Muhammad Ali may have entered the ring more than 60 times during his professional career, but the three-time heavyweight boxing champion’s toughest fight came outside the ropes when he refused military induction during the Vietnam War due to his religious beliefs. Stripped of his title and found guilty of draft evasion, Ali fought a four-year legal battle that culminated in the U.S. Supreme Court unanimously overturning his conviction. Fifty years after Ali refused induction, a new book examines his fight against the American government and public opinion.

The eight men knew the next step they took would not only change their lives, it could possibly end them as well. “You will take one step forward as your name and service are called and such step will constitute your induction into the Armed Forces indicated,” Lieutenant Steven Dunkley instructed the draftees standing before him inside the Armed Forces Examining and Entrance Station in Houston, Texas, on April 28, 1967.

Ali waves at fans as he arrives at the Army Induction Center.
Ali waves at fans as he arrives at the Army Induction Center. (Credit: Bettmann/Getty Images)

As Dunkley called out the first six names from a stack of cards, the draftees stepped forward one-by-one to join a military deep in the throes of the Vietnam War. The lieutenant then cried out, “Muhammad Ali, would you please step forward!” The kinetic feet of the reigning heavyweight boxing champion that constantly shuffled around ring rivals remained perfectly still at the request. Dunkley then called out the champ’s birth name, “Cassius Clay!” The 25-year-old remained tethered to the floor as the lieutenant called out both names twice more.

While the other seven draftees left by a back door to board a bus to begin basic training at Louisiana’s Fort Polk, Ali walked out the front door of the induction station to face a crush of reporters and await the consequences.

A 20-year-old Muhammad Ali (then known as Cassius Clay) in 1962. (Credit: Stanley Weston/Getty Images)
A 20-year-old Muhammad Ali (then known as Cassius Clay) in 1962. (Credit: Stanley Weston/Getty Images)

If there was one thing Ali could do better than box, it was talk, and his outspokenness put him at the center of countless arguments about race, religion, politics and war during the turbulent 1960s, particularly after he confirmed his conversion to the Nation of Islam the morning after he defeated Sonny Liston in 1964 to capture the heavyweight belt. Ali cited his religious beliefs against war as the reason he should be exempt from joining the 438,000 American troops in Vietnam. “I am a member of the Muslims and we don’t go to no wars unless they are declared by Allah himself,” Ali told Chicago Daily News sportswriter Tom Fitzpatrick.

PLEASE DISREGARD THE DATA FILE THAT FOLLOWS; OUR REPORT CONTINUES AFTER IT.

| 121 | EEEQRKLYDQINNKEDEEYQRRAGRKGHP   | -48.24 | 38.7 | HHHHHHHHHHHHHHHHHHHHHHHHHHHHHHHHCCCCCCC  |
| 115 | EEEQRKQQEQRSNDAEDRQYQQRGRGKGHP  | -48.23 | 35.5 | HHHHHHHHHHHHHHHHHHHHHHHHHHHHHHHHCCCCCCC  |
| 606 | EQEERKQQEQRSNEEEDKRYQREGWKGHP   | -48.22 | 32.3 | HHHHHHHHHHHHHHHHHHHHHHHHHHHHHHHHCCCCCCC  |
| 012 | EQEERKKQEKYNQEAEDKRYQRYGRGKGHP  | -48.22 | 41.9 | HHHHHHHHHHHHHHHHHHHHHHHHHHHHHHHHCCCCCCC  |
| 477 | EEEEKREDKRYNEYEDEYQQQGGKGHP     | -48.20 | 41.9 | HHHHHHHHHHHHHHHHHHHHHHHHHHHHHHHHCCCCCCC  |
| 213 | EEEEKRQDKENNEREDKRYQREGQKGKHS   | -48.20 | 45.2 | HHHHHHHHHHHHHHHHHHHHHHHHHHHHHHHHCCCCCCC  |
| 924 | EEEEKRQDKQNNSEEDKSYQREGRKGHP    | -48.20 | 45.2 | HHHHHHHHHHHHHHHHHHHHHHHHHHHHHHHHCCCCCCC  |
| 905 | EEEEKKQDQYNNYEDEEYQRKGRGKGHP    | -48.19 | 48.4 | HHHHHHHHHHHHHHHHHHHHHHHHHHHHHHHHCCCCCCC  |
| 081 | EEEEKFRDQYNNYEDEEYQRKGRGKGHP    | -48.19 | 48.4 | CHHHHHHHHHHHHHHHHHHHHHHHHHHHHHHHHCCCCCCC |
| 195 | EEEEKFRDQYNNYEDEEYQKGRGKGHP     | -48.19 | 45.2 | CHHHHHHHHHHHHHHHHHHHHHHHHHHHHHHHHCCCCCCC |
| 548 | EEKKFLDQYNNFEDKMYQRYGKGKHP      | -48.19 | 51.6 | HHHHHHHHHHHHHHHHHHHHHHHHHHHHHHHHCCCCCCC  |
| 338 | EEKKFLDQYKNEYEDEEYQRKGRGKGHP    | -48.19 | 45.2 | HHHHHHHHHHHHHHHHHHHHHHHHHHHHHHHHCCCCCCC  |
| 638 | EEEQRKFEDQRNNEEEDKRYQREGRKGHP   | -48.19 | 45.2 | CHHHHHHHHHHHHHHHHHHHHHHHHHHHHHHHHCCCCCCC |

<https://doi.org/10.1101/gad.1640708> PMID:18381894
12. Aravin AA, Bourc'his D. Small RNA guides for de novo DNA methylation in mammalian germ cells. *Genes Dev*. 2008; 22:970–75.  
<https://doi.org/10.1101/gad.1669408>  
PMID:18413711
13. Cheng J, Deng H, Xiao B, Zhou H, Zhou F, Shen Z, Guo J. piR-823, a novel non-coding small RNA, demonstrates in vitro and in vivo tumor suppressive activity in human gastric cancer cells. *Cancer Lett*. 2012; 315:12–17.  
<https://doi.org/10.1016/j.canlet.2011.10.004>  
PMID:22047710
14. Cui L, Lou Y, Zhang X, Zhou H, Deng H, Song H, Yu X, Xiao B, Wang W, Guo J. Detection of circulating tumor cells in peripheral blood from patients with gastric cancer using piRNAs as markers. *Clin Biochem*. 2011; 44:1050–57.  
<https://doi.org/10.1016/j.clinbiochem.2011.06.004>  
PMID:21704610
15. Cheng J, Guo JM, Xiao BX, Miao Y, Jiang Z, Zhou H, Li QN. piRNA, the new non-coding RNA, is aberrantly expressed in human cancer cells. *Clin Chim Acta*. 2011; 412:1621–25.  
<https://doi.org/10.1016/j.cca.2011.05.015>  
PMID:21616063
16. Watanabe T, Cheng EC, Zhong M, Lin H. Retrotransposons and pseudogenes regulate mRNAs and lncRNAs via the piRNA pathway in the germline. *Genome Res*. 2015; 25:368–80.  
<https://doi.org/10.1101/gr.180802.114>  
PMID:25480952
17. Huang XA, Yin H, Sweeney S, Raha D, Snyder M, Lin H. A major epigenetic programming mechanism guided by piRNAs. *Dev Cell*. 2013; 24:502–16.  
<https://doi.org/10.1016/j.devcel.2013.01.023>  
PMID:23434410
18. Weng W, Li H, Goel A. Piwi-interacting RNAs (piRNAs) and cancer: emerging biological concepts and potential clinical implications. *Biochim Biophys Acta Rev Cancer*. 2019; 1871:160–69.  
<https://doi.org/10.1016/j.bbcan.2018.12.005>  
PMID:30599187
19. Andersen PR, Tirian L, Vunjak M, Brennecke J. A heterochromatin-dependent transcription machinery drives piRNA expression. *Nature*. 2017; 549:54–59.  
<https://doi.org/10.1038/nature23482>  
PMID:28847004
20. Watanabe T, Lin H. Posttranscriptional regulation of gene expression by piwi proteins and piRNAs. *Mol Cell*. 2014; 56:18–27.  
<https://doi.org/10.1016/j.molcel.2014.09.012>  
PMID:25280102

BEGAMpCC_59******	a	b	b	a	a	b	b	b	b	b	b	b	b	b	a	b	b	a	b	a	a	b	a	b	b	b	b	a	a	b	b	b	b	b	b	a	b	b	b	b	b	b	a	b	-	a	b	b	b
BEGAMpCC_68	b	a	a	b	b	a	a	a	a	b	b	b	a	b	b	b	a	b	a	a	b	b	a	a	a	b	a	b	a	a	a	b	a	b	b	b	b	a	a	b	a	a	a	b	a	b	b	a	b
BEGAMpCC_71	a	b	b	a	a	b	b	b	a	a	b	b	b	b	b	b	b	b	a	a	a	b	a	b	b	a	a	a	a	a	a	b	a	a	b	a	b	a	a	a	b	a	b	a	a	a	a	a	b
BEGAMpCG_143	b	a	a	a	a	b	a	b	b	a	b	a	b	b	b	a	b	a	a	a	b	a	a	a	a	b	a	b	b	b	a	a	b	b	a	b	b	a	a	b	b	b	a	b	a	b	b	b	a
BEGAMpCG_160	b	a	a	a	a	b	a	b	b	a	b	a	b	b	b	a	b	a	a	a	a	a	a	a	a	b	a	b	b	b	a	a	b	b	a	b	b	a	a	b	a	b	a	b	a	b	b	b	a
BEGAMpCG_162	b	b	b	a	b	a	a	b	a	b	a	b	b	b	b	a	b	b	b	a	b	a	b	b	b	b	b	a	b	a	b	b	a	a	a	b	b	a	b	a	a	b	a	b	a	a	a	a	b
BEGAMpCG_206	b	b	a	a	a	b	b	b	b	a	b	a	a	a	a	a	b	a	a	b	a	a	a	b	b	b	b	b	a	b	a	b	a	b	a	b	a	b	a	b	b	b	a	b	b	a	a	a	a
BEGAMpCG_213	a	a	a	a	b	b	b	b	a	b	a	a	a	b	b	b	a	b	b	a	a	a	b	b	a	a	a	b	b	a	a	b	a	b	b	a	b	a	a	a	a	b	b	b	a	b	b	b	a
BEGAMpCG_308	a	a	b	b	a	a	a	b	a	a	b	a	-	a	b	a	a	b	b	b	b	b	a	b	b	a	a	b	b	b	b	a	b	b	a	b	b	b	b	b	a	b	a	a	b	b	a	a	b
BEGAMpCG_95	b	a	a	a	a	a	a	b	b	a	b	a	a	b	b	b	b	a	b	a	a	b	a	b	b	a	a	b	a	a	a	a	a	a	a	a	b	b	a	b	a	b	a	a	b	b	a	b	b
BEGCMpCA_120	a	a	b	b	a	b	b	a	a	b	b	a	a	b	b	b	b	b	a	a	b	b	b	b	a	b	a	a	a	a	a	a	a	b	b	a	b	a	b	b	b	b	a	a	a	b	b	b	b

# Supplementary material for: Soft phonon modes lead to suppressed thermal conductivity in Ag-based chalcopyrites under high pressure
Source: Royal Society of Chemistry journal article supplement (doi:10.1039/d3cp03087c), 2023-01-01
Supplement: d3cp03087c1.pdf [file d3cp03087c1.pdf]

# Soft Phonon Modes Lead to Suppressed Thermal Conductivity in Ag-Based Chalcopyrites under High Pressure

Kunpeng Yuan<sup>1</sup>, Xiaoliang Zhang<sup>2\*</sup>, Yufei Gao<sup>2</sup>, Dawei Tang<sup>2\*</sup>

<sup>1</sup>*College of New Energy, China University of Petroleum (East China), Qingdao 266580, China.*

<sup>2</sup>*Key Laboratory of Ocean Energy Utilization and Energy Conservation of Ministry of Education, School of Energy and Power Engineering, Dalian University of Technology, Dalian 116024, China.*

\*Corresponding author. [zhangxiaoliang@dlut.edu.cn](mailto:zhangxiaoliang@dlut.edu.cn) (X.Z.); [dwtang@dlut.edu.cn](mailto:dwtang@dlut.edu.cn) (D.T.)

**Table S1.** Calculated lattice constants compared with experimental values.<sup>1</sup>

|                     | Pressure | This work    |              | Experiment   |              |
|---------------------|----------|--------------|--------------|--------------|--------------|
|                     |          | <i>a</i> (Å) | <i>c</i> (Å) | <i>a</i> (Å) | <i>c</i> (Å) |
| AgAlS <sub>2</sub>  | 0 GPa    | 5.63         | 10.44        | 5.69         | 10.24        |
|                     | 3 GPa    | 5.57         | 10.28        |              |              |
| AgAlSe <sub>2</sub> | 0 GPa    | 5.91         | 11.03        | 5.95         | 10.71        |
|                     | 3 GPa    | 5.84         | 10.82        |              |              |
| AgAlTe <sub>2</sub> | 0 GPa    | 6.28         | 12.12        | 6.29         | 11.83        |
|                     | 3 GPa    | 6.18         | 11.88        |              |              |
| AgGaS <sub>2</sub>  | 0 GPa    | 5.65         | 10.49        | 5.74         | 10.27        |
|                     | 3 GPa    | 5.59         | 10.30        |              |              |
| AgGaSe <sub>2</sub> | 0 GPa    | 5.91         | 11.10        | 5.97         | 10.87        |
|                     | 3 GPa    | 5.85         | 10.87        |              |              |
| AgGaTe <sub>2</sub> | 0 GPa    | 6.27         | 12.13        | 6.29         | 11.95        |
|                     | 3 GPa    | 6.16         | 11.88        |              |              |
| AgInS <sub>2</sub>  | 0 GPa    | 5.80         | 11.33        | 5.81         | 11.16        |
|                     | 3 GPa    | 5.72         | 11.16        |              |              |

“When he first filed for a draft exemption, it was as a conscientious objector. Then Ali found out that if you got the conscientious objector status, you could still be drafted and required to do non-combat services,” says Leigh Montville, author of the new book “Sting Like a Bee: Muhammad Ali vs. the United States of America, 1966-1971.”

Ali sought the advice of attorney Hayden Covington, who had successfully represented Jehovah’s Witnesses against draft boards. “He was the most successful lawyer ever to go against the Supreme Court at the time,” Montville tells HISTORY. “Covington’s success with the Jehovah’s Witnesses was based on the contention that everyone who was a member was a minister, and the Jehovah’s Witnesses were historically a very active religious group, ringing doorbells and proselytizing. Covington tried to make a case that Ali was a minster like that, and he was in a way because he spoke at temples and was always talking about his religion.”

Muhammad Ali, 1966. (
Muhammad Ali, 1966. (Credit: Rogers/Express/Hulton Archive/Getty Images)